Proposed Amendments To The Trusts (Jersey) Law 1984: A Commentary

The States of Jersey's Chief Minister's Department recently issued a consultation paper on a proposed 7th amendment to the Trusts (Jersey) Law 1984. The consultation paper canvassed views on whether to amend the Trusts (Jersey) Law 1984 in twelve areas in which there were perceived either to be difficulties with the current legislation or where it was thought improvements could be made.

The areas for which views were sought and to which Baker & Partners responded are:

Area 1 - the certainty of objects - specifically whether there needs to be a beneficiary or purpose for whom the trust property is to be managed and applied at all times during the existence of a trust.

Area 2 - The rights of beneficiaries to information from the trustee

Area 3 - The reservation of powers by a settlor or third party

Area 4 - The arbitration of trust disputes in Jersey

Area 5 - The extension of the statutory provisions for trustees to self-contract

Area 7 - Extension of the trustee's indemnity provisions

Area 9 - Introducing an express presumption of lifetime effect for Jersey trusts

Area 10 - The powers of the court to effect a variation of Jersey trusts

Area 11 - The application of Jersey's forced heirship regime (légitime) to trusts

Area 1 - The need for a beneficiary at all times during the existence of a trust

The consultation paper identifies the impetus for change as the apparently damaging uncertainty in the law about the circumstances in which a Jersey trust is valid. In our view, there is no such uncertainty though: the circumstance in which a Jersey trust is valid for certainty of objects is, and has been for many years, settled and certain. It is not necessary for the beneficiaries of a trust to be in existence at the time of the trust's creation, provided they become ascertainable at some point during the trust period.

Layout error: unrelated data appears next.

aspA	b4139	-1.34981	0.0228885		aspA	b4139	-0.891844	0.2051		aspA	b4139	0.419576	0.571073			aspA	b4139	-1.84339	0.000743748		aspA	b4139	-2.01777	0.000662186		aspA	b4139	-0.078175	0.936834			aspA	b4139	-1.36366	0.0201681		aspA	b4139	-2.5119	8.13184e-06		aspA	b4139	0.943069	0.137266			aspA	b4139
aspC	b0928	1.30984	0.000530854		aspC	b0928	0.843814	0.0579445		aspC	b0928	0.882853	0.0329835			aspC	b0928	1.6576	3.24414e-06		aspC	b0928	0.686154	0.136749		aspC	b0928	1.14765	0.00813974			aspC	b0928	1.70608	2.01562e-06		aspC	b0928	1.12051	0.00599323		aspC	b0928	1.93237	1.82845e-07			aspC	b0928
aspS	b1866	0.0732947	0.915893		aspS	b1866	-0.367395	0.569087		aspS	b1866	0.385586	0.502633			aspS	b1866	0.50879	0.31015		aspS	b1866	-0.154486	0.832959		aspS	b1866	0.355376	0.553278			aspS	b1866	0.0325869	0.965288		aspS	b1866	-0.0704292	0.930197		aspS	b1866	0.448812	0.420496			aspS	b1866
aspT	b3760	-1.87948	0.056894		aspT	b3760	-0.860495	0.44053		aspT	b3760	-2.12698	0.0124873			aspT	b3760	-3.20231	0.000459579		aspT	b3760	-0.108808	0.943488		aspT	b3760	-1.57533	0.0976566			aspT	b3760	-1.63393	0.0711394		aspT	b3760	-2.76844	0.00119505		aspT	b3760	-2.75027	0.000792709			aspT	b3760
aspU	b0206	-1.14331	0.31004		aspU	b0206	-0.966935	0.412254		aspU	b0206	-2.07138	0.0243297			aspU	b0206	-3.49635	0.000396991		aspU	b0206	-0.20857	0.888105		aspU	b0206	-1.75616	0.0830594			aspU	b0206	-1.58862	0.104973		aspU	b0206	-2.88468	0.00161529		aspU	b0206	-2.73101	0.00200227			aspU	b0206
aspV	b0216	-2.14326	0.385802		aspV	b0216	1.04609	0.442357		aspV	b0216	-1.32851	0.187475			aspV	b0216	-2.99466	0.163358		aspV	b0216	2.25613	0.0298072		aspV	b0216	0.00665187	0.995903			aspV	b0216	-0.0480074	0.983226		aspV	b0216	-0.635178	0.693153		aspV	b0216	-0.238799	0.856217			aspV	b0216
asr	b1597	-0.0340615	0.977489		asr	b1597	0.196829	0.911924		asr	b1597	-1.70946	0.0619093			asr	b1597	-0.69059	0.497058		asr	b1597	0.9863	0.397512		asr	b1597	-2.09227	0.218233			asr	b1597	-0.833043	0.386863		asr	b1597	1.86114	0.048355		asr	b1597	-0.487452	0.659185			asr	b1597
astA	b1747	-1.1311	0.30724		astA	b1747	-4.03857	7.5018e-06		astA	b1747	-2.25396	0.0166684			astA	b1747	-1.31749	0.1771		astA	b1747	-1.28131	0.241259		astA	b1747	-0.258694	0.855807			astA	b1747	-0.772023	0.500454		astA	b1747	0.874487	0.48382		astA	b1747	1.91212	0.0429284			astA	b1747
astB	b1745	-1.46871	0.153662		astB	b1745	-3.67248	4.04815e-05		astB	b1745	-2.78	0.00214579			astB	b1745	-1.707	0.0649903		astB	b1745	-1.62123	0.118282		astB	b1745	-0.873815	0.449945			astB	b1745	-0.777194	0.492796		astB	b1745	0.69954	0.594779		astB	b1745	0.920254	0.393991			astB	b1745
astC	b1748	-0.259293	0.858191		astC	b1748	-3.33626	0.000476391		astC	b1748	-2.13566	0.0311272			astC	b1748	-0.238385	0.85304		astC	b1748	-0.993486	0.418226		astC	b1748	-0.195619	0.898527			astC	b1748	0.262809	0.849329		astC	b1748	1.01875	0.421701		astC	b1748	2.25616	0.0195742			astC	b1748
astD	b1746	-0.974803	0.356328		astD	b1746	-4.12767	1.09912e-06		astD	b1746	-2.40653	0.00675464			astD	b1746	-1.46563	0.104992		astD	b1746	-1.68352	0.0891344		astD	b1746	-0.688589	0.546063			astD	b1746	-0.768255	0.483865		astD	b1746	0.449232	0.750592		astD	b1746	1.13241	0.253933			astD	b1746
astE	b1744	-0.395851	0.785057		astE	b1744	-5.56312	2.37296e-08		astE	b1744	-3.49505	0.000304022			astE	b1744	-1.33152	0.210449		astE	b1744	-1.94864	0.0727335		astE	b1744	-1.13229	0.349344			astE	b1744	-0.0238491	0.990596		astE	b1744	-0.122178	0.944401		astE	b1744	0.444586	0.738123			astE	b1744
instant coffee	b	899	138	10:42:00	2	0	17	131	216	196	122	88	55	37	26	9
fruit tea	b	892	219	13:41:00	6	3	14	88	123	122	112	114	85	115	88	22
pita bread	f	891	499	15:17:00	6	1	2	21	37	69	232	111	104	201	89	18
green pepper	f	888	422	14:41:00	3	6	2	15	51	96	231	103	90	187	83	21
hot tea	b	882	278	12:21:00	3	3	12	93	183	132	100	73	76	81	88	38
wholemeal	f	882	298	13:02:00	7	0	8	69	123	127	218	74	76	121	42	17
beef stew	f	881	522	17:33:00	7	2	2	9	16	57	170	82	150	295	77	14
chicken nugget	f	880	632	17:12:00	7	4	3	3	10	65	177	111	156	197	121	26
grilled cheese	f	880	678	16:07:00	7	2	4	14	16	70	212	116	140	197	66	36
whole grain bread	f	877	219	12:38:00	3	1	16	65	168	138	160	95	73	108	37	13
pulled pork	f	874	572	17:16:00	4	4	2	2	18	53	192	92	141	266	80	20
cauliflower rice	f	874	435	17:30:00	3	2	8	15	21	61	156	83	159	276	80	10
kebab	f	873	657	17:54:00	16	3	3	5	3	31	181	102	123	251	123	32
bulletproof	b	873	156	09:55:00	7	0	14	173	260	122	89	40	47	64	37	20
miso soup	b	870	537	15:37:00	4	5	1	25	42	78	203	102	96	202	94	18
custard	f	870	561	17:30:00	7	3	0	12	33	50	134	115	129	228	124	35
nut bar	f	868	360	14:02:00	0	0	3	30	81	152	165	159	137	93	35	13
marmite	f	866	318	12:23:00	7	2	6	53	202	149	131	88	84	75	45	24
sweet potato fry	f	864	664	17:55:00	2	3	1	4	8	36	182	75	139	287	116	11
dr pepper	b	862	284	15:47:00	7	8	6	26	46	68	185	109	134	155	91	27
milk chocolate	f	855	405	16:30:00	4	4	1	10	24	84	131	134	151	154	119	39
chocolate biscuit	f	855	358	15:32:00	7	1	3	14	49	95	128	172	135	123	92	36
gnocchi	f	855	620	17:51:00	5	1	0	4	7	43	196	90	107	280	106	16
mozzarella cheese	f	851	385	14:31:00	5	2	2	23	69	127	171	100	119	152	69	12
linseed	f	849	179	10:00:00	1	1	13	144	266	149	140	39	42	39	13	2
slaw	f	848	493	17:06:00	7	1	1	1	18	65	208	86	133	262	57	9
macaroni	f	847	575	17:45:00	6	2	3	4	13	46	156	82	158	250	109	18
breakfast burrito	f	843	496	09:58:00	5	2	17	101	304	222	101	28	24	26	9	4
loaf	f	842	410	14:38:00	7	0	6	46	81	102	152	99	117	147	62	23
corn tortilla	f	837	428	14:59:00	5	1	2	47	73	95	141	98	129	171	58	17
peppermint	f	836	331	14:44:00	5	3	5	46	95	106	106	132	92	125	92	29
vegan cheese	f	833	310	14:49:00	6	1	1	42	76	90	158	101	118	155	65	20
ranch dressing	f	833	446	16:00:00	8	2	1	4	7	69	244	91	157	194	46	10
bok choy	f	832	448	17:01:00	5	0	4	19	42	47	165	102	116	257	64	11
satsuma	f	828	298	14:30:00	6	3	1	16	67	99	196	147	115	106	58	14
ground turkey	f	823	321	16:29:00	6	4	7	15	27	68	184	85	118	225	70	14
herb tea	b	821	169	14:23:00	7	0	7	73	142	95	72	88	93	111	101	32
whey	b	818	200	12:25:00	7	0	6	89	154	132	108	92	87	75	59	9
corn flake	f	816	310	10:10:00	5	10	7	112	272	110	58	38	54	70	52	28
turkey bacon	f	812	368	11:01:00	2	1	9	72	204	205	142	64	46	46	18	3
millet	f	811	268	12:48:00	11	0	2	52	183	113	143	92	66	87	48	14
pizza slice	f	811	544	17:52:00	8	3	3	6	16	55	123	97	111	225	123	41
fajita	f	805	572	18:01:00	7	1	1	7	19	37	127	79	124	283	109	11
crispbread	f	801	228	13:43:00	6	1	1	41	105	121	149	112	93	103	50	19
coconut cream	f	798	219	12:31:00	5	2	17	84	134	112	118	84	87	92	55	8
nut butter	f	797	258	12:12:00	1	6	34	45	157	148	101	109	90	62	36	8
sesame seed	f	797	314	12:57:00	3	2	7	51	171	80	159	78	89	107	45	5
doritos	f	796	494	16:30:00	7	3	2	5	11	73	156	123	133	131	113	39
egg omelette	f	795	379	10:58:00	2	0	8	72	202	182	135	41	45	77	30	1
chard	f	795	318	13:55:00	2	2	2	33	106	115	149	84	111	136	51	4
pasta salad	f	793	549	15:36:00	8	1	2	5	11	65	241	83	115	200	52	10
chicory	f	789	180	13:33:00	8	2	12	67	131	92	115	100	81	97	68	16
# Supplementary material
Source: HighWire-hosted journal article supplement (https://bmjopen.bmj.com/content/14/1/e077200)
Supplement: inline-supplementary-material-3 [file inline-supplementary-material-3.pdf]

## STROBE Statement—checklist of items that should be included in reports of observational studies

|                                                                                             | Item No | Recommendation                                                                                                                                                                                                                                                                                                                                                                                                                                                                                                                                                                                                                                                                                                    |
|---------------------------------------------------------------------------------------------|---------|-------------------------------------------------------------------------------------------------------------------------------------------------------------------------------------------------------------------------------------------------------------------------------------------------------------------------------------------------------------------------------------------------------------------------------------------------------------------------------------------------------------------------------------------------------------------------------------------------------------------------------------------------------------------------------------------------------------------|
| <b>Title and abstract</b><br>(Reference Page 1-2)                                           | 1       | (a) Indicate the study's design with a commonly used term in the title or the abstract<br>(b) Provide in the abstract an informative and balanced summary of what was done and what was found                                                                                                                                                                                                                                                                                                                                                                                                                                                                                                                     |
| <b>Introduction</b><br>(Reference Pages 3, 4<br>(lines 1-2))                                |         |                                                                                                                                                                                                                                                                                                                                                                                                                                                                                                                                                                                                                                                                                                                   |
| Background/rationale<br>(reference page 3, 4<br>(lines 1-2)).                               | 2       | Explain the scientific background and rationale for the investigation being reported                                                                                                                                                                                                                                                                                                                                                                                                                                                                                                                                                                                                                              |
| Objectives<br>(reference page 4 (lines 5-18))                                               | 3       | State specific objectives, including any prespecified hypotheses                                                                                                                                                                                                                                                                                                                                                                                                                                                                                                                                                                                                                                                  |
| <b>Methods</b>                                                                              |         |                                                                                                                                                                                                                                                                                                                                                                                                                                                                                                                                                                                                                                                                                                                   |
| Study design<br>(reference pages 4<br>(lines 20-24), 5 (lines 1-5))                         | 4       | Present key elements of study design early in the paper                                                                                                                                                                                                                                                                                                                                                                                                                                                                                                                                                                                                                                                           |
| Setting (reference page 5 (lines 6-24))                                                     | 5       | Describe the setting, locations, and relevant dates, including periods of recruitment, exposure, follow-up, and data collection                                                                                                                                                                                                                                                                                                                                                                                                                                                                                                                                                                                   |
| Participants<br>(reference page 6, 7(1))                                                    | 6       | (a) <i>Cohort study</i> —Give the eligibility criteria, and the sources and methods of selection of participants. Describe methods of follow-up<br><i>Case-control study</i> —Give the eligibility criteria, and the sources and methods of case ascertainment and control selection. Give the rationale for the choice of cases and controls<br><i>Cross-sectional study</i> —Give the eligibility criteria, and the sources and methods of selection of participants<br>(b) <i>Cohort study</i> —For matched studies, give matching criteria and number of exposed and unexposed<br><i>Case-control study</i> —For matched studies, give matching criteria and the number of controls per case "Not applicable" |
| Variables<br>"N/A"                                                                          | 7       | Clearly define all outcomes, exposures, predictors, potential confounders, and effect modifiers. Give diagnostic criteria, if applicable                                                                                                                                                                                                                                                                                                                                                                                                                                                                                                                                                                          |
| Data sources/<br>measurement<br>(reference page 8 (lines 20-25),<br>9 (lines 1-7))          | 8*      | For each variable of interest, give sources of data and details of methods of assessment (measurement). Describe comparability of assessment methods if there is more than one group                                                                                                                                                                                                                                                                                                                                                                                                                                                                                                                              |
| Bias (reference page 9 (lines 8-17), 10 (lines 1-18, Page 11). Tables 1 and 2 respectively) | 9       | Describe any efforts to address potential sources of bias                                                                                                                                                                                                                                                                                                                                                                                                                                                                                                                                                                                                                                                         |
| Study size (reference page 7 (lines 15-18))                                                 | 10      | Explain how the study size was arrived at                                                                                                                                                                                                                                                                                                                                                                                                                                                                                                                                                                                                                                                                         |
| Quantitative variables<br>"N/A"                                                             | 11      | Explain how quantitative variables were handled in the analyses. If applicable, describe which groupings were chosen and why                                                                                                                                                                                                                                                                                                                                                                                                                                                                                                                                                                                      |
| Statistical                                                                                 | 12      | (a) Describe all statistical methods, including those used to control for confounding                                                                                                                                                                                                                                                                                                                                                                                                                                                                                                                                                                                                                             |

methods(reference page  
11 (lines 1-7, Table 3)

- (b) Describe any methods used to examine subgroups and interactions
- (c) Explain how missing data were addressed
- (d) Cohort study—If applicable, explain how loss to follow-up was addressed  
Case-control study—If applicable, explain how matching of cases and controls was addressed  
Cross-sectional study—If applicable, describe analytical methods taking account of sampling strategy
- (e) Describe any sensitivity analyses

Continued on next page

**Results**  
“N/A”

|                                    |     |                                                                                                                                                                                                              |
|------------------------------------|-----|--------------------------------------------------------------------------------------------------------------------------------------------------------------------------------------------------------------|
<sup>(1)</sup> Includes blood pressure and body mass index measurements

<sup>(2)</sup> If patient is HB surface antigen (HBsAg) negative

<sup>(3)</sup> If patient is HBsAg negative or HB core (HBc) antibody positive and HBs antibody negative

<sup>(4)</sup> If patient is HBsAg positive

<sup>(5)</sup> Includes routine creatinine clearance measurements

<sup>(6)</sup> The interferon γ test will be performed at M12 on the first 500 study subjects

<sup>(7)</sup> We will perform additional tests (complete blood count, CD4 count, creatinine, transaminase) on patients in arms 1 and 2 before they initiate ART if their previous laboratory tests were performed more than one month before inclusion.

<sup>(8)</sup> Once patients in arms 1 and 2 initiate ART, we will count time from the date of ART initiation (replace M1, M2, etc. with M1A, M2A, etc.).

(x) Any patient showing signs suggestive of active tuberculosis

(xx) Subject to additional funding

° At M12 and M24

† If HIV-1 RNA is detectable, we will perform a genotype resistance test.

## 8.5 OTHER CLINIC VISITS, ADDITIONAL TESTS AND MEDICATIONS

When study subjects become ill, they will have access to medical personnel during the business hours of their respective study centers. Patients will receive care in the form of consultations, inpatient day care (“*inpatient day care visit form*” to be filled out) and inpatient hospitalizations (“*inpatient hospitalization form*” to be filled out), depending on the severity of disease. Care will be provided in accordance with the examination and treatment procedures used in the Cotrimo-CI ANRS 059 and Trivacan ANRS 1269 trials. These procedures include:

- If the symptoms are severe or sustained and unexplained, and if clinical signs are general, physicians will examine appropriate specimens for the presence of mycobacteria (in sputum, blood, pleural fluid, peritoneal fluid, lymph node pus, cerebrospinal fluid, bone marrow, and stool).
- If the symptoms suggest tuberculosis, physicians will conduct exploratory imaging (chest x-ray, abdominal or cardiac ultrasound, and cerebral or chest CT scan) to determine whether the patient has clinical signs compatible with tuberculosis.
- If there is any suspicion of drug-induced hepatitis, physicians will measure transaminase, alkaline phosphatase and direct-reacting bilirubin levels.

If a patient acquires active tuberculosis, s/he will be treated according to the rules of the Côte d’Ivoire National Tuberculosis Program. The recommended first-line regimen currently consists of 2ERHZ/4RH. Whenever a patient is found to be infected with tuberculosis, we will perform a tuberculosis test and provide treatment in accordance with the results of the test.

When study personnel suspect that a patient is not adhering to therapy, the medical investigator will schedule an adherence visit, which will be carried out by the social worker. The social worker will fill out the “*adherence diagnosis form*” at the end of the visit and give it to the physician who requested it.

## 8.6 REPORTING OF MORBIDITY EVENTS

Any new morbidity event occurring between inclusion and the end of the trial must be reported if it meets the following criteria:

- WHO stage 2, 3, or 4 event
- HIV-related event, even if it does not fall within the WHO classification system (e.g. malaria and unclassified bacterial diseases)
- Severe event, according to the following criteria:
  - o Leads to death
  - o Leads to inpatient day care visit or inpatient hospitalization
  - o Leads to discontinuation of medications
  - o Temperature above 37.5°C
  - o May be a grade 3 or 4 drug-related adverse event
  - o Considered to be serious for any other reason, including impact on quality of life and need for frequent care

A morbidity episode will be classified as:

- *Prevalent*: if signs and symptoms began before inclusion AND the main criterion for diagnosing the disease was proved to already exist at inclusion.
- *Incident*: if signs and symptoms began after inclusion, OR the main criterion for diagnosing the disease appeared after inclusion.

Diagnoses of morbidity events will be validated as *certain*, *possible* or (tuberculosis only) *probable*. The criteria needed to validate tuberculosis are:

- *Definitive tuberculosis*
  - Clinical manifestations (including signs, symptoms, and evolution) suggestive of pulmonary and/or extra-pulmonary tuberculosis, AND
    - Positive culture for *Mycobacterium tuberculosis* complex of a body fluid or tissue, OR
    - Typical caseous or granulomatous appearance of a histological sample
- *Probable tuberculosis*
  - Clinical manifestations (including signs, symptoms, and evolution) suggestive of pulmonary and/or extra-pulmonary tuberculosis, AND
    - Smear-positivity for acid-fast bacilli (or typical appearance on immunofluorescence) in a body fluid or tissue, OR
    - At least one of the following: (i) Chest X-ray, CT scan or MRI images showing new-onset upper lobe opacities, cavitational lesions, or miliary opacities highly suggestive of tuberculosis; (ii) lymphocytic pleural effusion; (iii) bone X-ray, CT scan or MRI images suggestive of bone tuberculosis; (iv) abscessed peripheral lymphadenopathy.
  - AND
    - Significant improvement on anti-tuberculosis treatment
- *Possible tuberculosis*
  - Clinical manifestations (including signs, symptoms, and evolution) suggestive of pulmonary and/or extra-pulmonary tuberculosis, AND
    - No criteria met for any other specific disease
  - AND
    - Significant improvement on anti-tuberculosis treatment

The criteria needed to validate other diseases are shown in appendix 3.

Article 10(1) and (2) Trusts (Jersey) Law 1984 is a confusingly worded provision, which could be revised to be made clearer. It states that beneficiaries of a trust shall be (a) identifiable by name; or (b) ascertainable by reference to (i) a class, or (ii) a relationship to some person whether or not living at the time of the creation of the trust or at the time which under the terms of the trust is the time by reference to which members of a class are to be determined.

The principle of the certainty of objects, which any legislative amendment should reflect, is concerned with whether the object (i.e. the beneficiary or purpose) for whom the trust property is held is ascertainable: this is different to the beneficiary being 'living' or having 'a relationship to someone else, living or dead'. Objects are ascertainable by reference to their specific description or identity or by reference to a conceptually certain class during the trust period.

The issue that arose from Re the Exeter Settlement [2010] JRC 012 and Harper v Apex Trust Company Limited [2014] JRC 253 cases, cited in the consultation as the basis for seeking to clarify the legislation, is that the class by which the beneficiaries were to be ascertained was not conceptually certain because the class was unintentionally left blank in the trust instrument. Any amendment to the Trusts Law should ensure that objects of the trust should be ascertainable from the outset by ensuring the class is certain.

A proposal to reform the law to allow for a valid trust to be created without having to describe any objects but subject to an overarching power to add objects at any point during the trust period (which in Jersey is potentially indefinitely) is likely to give rise to more uncertainty, not less. There is also a legitimate concern that...

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